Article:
The unanimous Supreme Court decision that the National Assets Management Agency must comply with requests for information under Environmental Information Regulations is victory for the idea of transparency in public affairs, especially where extraordinary public funds are involved.
That the victory came about because of the tenacity of journalist Gavin Sheridan rather than political efforts says more than enough, too much really, about our politicians’ real attitude to transparency.
Nama was set up in special circumstances and given special powers.
That the agency imagined it could operate behind a veil of secrecy shows how entrenched the idea of financial autonomy and secrecy are.
This ruling makes it easier to break the suspicious omerta surrounding so many of the property-based interactions between private and public sectors in this country.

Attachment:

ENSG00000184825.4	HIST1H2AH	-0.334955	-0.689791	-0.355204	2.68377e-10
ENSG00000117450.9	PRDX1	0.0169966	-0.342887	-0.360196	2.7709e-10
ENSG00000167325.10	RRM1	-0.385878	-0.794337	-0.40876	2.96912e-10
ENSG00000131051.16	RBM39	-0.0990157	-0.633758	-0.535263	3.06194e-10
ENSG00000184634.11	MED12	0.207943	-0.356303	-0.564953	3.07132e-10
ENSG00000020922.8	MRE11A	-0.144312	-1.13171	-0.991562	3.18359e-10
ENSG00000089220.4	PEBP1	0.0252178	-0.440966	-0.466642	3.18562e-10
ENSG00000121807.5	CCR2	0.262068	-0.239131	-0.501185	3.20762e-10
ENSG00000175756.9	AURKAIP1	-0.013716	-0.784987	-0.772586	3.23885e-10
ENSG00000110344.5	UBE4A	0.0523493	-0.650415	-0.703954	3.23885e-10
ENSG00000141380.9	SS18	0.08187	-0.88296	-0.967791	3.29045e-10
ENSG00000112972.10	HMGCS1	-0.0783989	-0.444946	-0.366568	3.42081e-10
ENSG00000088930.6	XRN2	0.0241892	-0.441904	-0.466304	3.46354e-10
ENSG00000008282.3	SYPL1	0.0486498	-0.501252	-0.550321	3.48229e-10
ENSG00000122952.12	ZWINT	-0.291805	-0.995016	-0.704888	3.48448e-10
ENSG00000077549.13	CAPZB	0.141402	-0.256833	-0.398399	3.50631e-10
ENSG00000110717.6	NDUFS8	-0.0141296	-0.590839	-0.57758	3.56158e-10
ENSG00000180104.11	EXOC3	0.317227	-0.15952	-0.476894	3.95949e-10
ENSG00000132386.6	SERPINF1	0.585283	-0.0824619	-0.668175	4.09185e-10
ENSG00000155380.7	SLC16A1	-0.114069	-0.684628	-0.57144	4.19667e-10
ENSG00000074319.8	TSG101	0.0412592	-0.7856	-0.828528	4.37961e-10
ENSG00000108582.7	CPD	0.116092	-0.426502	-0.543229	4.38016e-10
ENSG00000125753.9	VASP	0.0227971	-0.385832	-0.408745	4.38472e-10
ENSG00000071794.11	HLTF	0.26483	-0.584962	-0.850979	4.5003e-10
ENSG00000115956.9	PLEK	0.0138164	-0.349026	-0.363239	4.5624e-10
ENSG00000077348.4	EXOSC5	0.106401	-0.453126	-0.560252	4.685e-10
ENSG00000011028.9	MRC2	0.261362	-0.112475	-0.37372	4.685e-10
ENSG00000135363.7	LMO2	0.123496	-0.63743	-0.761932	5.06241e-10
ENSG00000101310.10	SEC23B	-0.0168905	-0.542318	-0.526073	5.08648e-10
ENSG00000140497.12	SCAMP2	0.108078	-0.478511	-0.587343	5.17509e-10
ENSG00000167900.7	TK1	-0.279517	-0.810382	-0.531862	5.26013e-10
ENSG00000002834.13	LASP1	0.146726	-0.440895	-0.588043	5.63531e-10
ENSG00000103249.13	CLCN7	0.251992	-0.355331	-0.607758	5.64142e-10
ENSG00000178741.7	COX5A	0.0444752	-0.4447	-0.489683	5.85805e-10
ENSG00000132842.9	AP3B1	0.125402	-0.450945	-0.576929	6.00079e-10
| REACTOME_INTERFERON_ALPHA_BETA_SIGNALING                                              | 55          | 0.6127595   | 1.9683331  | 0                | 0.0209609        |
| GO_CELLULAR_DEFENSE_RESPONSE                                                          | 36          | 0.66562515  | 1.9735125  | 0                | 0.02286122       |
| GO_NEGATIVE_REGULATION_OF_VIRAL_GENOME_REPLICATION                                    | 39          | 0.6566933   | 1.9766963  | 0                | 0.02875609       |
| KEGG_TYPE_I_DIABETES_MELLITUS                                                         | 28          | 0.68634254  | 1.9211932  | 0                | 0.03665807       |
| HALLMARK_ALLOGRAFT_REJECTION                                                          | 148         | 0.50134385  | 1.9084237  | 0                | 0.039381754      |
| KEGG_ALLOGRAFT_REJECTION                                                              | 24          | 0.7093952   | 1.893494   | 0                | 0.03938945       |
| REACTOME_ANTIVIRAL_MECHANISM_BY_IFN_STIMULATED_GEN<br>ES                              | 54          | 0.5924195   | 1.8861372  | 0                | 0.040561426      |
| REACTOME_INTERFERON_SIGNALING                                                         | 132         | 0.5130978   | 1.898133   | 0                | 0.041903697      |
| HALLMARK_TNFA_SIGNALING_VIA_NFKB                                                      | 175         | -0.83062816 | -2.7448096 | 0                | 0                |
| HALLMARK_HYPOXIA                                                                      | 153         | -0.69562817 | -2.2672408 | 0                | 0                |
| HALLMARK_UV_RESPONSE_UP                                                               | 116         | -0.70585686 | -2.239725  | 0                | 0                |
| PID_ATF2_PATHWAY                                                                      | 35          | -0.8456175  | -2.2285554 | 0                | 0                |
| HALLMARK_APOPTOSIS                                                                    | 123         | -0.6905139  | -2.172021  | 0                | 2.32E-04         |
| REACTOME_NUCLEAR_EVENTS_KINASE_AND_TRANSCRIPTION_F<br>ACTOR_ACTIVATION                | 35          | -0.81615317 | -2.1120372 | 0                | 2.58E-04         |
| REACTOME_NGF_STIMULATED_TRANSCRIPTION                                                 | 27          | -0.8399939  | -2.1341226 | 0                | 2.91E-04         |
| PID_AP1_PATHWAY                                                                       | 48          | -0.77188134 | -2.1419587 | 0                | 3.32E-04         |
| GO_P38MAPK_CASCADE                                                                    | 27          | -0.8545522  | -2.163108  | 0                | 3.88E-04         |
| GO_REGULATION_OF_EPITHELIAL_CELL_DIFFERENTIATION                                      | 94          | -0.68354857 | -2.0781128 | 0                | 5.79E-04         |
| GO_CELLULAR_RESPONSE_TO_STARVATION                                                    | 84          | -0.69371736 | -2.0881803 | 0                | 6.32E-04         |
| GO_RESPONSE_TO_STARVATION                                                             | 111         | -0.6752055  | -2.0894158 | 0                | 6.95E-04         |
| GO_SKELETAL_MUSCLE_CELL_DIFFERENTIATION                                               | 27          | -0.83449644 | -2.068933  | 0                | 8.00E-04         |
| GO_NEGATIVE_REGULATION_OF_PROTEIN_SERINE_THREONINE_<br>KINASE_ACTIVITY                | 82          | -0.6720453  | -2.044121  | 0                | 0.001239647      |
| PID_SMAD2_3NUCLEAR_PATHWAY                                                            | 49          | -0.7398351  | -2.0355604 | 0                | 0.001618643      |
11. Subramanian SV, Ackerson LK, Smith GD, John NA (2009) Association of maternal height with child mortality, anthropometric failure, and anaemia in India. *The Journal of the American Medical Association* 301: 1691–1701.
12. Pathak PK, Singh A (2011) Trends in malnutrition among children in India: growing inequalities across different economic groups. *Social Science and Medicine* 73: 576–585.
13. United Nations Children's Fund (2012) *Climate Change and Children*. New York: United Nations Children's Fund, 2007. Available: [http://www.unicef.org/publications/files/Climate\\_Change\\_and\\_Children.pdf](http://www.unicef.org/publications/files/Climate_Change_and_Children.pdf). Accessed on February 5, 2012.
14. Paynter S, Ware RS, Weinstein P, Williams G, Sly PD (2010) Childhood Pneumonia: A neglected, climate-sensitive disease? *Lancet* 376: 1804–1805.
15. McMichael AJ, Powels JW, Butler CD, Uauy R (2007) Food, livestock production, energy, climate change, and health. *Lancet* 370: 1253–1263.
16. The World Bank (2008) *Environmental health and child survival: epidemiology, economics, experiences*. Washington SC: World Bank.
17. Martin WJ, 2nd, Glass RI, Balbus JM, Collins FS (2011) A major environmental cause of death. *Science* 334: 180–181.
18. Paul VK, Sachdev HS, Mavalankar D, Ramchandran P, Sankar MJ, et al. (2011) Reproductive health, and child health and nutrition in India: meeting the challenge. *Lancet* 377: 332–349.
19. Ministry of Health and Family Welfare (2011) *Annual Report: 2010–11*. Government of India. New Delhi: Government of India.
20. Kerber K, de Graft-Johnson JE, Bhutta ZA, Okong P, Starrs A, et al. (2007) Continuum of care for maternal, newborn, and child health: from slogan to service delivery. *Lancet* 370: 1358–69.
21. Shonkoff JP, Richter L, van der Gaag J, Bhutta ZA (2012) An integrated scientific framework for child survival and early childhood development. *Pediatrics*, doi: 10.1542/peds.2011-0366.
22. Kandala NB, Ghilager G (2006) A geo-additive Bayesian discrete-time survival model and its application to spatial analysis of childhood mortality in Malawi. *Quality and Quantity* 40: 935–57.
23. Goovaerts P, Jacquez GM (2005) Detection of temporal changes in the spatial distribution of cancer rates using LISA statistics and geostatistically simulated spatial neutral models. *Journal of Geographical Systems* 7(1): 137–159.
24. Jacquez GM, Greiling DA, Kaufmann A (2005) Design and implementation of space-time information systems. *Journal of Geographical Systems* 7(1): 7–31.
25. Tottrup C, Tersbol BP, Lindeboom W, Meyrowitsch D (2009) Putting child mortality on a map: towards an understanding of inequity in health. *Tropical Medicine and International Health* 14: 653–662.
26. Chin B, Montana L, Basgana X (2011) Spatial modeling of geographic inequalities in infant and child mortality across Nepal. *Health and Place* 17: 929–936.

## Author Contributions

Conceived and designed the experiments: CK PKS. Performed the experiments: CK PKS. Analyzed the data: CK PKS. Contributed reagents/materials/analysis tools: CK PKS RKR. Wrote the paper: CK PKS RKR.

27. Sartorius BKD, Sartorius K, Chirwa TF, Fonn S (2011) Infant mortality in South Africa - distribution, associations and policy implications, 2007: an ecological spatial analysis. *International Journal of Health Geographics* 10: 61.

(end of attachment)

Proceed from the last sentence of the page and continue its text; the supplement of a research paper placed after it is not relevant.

There is a caveat. It is believed that Nama has, just like Hilary Clinton, purged records so public information might no longer be available.
This seems an affront to the ruling and those records must be recovered. This ruling was a victory for those who wish to see accountability underscore a culture of ethics in public life and should be celebrated.
That it shows how a determined individual can be an agent for profound change is an even greater cause for celebration.